• appropriate security monitoring procedures to detect and respond to information security incidents in a timely manner, including by undertaking and regularly reviewing first-level review and triage of all security alerts generated by Medibank’s Endpoint Detection Response Software, having clearly documented guidance for escalating security alerts, and configuring volumetric alerts to be generated for the exfiltration of abnormal volumes of data from sensitive asset servers
  • appropriate security assurance testing for sensitive information assets and security controls, including by annual penetration testing and internal audits of the Global Protect VPN and MFA configuration, and testing after changes to configuration
  • appropriate application controls for critical servers, and
  • effective contractor assurance, including by conducting regular audits to ensure compliance of third party contractors with Medibank’s security policies and ensuring terms of agreement with security service providers clearly identify roles and responsibilities.

The OAIC also alleges that, prior to the incident, a number of tests and audit reports indicated Medibank’s awareness of the deficiencies in its cyber security and information security framework.


The security measures set out in the Statement provide an important indication of the security controls the OAIC expect are in place, particularly for organisations of a similar size. It is important to note, however, that this is the first proceeding of this type we have seen in the context of large-scale cyber incidents and data breaches. Accordingly, it will be interesting to see Medibank’s response and, ultimately, how the court deals with these issues.

The Australian Communications and Media Authority (ACMA) has filed proceedings in the Federal Court against Optus following its September 2022 cyber incident.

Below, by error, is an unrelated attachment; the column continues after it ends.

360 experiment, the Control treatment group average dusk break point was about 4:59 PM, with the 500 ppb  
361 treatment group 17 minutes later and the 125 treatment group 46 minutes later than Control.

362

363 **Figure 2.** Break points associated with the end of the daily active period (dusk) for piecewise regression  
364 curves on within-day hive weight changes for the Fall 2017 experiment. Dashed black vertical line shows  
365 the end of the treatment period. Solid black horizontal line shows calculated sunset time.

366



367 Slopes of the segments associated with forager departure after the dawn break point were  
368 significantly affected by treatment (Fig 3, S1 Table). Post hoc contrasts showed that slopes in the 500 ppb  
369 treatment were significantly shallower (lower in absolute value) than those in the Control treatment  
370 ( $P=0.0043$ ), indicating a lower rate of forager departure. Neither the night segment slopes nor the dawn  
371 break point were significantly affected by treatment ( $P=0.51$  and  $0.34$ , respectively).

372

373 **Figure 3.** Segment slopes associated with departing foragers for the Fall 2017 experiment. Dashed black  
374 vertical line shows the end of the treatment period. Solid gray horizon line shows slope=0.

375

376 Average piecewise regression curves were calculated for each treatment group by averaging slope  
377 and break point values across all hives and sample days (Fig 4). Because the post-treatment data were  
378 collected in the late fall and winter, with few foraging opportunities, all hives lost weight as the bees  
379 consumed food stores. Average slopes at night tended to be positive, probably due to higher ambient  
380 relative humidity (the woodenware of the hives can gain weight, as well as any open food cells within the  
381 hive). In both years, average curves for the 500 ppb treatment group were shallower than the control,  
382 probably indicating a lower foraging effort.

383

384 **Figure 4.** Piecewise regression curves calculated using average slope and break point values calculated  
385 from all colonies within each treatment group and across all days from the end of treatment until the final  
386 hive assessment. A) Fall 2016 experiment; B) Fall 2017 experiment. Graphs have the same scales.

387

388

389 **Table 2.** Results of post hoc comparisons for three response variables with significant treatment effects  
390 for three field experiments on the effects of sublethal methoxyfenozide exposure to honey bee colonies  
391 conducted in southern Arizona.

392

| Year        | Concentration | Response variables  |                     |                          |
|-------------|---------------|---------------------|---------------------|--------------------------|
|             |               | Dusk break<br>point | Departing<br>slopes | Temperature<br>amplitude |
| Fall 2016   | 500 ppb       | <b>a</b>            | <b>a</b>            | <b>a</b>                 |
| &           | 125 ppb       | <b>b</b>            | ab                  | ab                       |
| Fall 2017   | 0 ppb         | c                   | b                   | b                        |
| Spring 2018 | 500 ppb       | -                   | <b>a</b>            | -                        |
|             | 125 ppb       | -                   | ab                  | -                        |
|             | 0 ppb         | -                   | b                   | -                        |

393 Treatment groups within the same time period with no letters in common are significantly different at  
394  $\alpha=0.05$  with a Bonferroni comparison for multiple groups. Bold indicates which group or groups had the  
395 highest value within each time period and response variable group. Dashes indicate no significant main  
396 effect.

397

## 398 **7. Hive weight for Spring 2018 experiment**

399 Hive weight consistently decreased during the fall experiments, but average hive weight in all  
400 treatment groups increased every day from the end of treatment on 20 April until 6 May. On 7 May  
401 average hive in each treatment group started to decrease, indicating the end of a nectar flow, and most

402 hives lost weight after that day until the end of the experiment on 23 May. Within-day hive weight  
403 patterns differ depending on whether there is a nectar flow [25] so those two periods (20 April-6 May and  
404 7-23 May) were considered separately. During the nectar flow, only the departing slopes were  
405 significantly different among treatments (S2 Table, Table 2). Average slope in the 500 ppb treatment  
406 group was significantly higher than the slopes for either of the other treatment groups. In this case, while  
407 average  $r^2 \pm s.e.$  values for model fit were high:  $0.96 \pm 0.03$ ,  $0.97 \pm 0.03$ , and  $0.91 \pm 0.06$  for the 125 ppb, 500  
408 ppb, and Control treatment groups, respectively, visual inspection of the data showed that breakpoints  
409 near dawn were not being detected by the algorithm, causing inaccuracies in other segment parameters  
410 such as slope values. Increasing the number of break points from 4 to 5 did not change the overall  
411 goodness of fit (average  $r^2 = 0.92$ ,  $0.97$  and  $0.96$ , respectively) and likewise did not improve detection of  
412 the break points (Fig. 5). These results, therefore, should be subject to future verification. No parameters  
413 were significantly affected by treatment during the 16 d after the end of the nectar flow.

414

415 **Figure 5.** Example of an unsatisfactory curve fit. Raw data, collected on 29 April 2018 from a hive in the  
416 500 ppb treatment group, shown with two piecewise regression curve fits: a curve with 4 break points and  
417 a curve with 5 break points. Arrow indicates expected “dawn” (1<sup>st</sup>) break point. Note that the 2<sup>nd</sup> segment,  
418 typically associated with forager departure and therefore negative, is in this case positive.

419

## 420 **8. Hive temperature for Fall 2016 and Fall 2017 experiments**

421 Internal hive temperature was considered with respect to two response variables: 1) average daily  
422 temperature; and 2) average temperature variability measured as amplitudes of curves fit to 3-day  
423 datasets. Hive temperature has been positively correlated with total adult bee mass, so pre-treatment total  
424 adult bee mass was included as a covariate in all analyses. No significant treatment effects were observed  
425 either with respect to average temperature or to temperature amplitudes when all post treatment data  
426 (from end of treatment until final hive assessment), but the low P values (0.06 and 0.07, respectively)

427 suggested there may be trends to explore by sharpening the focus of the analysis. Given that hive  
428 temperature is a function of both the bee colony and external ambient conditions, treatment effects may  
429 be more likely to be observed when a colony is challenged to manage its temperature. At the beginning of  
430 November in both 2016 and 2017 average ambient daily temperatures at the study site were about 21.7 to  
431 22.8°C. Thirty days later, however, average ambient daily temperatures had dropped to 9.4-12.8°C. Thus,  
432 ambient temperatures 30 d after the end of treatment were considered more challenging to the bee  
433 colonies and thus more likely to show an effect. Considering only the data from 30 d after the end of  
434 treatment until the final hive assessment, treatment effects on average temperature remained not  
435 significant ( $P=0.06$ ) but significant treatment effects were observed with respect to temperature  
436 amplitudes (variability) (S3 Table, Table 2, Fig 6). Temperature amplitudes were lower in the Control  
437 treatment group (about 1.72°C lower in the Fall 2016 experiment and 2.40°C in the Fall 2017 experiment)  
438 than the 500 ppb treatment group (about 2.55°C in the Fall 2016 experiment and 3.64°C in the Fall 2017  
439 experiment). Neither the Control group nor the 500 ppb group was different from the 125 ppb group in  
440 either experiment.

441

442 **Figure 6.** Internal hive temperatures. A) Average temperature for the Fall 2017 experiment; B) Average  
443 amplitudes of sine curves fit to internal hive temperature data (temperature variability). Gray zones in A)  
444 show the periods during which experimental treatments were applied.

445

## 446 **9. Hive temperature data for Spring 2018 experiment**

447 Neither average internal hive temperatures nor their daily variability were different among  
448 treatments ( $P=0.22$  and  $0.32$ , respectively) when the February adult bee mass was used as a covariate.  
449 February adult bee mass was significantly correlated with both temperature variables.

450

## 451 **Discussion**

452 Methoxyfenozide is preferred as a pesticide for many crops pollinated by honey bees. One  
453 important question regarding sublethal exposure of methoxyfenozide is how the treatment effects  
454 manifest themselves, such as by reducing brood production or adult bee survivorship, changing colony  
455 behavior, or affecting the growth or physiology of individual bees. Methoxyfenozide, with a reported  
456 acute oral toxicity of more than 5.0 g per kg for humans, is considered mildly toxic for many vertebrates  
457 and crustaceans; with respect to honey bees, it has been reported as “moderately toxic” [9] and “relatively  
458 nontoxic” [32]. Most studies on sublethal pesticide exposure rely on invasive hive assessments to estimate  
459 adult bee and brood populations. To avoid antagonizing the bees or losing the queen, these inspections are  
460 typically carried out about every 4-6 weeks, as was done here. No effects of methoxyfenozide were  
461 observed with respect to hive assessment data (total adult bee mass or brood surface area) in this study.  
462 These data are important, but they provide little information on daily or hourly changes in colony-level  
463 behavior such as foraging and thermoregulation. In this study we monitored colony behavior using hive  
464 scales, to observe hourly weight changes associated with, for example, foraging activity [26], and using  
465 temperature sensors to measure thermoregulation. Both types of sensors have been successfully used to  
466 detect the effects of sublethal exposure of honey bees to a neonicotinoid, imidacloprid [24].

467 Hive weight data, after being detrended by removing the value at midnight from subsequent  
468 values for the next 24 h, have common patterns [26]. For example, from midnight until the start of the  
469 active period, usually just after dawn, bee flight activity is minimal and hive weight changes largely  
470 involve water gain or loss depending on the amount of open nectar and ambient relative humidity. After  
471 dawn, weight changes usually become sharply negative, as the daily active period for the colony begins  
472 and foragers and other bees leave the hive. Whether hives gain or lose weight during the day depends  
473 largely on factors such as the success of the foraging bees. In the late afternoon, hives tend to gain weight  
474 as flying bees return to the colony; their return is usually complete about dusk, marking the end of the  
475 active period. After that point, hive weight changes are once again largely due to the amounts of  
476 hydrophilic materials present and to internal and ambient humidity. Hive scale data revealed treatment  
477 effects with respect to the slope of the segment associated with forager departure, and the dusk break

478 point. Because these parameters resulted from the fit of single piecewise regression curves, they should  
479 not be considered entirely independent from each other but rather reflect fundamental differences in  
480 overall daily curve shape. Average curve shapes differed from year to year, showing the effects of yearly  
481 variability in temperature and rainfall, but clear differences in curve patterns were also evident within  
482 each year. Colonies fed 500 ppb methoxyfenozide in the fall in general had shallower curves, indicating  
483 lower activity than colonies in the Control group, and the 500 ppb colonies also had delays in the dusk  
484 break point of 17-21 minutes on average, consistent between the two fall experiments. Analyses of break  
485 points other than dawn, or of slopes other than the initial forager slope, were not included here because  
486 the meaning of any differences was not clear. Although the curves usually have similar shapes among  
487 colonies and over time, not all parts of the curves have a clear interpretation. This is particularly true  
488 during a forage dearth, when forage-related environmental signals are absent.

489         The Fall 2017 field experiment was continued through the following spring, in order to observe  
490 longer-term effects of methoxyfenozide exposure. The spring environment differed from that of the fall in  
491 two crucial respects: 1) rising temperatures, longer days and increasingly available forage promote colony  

ACMA alleges that Optus failed to protect the confidentiality of its customers’ personal information from unauthorised interference or unauthorised access, as required under s 187BA of the Telecommunications (Interception and Access) Act 1979 (Cth) (TIA Act). The TIA Act provides a legal framework to prohibit the interception of telecommunications, except where authorised in special circumstances, such as the investigation of serious crime.

Optus is separately facing a class action from over 100,000 registered participants in response to the incident. The OAIC is separately investigating Optus’ information handling practices, as well as a ‘representative complaint’ which could allow the OAIC to determine compensation payable to class members.

It has been a case of déjà vu in the data breach class actions space recently, with Medibank claiming privilege over a Deloitte report and Optus appealing the judgment from last year that ruled its Deloitte report was not privileged.


There was a two-day hearing in the Medibank proceeding last month, during which Medibank put forward its case for maintaining privilege over a number of documents, including:

  • three reports produced by Deloitte in relation to the incident – a post-incident report, a root case analysis and a compliance report
  • reports prepared by their external legal advisors, and
  • sample email communications between Medibank and third parties, including Cyber CX (engaged by Medibank to assist with public relations).